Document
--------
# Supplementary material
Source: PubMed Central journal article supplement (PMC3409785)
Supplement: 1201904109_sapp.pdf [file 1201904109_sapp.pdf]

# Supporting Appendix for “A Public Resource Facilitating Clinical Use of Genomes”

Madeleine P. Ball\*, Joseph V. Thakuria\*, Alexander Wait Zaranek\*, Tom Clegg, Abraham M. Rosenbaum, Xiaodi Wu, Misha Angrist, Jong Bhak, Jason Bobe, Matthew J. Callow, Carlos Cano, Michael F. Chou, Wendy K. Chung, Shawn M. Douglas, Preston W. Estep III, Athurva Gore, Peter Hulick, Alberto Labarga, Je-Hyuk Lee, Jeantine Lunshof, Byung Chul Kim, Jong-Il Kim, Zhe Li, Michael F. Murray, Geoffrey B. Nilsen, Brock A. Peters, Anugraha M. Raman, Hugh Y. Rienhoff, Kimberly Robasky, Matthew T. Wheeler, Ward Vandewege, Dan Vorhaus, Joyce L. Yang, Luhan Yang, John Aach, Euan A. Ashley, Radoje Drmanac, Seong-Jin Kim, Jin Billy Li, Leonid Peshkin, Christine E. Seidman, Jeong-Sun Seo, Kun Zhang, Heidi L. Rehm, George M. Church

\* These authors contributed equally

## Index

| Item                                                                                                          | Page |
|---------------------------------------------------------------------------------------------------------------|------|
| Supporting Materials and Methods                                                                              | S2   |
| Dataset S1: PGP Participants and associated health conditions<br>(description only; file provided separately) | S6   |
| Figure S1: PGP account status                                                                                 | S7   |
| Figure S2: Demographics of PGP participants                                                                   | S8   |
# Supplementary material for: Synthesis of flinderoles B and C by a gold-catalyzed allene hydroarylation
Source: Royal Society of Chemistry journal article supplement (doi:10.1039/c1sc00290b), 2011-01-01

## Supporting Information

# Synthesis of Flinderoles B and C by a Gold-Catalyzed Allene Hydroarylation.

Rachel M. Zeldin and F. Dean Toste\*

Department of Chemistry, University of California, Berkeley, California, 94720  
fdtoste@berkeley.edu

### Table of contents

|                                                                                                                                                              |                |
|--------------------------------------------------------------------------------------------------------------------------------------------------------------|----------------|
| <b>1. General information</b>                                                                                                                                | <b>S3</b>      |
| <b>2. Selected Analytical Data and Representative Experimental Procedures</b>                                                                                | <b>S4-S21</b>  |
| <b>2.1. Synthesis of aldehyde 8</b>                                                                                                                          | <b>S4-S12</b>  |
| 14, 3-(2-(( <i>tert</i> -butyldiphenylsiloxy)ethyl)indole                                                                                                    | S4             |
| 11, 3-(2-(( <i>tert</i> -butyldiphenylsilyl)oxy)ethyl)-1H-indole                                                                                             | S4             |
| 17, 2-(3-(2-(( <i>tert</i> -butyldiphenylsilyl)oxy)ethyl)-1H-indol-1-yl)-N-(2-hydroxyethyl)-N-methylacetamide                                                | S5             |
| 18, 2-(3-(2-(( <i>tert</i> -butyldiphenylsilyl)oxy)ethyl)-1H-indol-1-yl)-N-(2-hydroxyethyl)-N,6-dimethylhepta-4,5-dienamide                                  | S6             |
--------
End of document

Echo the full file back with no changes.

# Supplementary material
Source: PubMed Central journal article supplement (PMC3409785)
Supplement: 1201904109_sapp.pdf [file 1201904109_sapp.pdf]

# Supporting Appendix for “A Public Resource Facilitating Clinical Use of Genomes”

Madeleine P. Ball\*, Joseph V. Thakuria\*, Alexander Wait Zaranek\*, Tom Clegg, Abraham M. Rosenbaum, Xiaodi Wu, Misha Angrist, Jong Bhak, Jason Bobe, Matthew J. Callow, Carlos Cano, Michael F. Chou, Wendy K. Chung, Shawn M. Douglas, Preston W. Estep III, Athurva Gore, Peter Hulick, Alberto Labarga, Je-Hyuk Lee, Jeantine Lunshof, Byung Chul Kim, Jong-Il Kim, Zhe Li, Michael F. Murray, Geoffrey B. Nilsen, Brock A. Peters, Anugraha M. Raman, Hugh Y. Rienhoff, Kimberly Robasky, Matthew T. Wheeler, Ward Vandewege, Dan Vorhaus, Joyce L. Yang, Luhan Yang, John Aach, Euan A. Ashley, Radoje Drmanac, Seong-Jin Kim, Jin Billy Li, Leonid Peshkin, Christine E. Seidman, Jeong-Sun Seo, Kun Zhang, Heidi L. Rehm, George M. Church

\* These authors contributed equally

## Index

| Item                                                                                                          | Page |
|---------------------------------------------------------------------------------------------------------------|------|
| Supporting Materials and Methods                                                                              | S2   |
| Dataset S1: PGP Participants and associated health conditions<br>(description only; file provided separately) | S6   |
| Figure S1: PGP account status                                                                                 | S7   |
| Figure S2: Demographics of PGP participants                                                                   | S8   |
# Supplementary material for: Synthesis of flinderoles B and C by a gold-catalyzed allene hydroarylation
Source: Royal Society of Chemistry journal article supplement (doi:10.1039/c1sc00290b), 2011-01-01

## Supporting Information

# Synthesis of Flinderoles B and C by a Gold-Catalyzed Allene Hydroarylation.

Rachel M. Zeldin and F. Dean Toste\*

Department of Chemistry, University of California, Berkeley, California, 94720  
fdtoste@berkeley.edu

### Table of contents

|                                                                                                                                                              |                |
|--------------------------------------------------------------------------------------------------------------------------------------------------------------|----------------|
| <b>1. General information</b>                                                                                                                                | <b>S3</b>      |
| <b>2. Selected Analytical Data and Representative Experimental Procedures</b>                                                                                | <b>S4-S21</b>  |
| <b>2.1. Synthesis of aldehyde 8</b>                                                                                                                          | <b>S4-S12</b>  |
| 14, 3-(2-(( <i>tert</i> -butyldiphenylsiloxy)ethyl)indole                                                                                                    | S4             |
| 11, 3-(2-(( <i>tert</i> -butyldiphenylsilyl)oxy)ethyl)-1H-indole                                                                                             | S4             |
| 17, 2-(3-(2-(( <i>tert</i> -butyldiphenylsilyl)oxy)ethyl)-1H-indol-1-yl)-N-(2-hydroxyethyl)-N-methylacetamide                                                | S5             |
| 18, 2-(3-(2-(( <i>tert</i> -butyldiphenylsilyl)oxy)ethyl)-1H-indol-1-yl)-N-(2-hydroxyethyl)-N,6-dimethylhepta-4,5-dienamide                                  | S6             |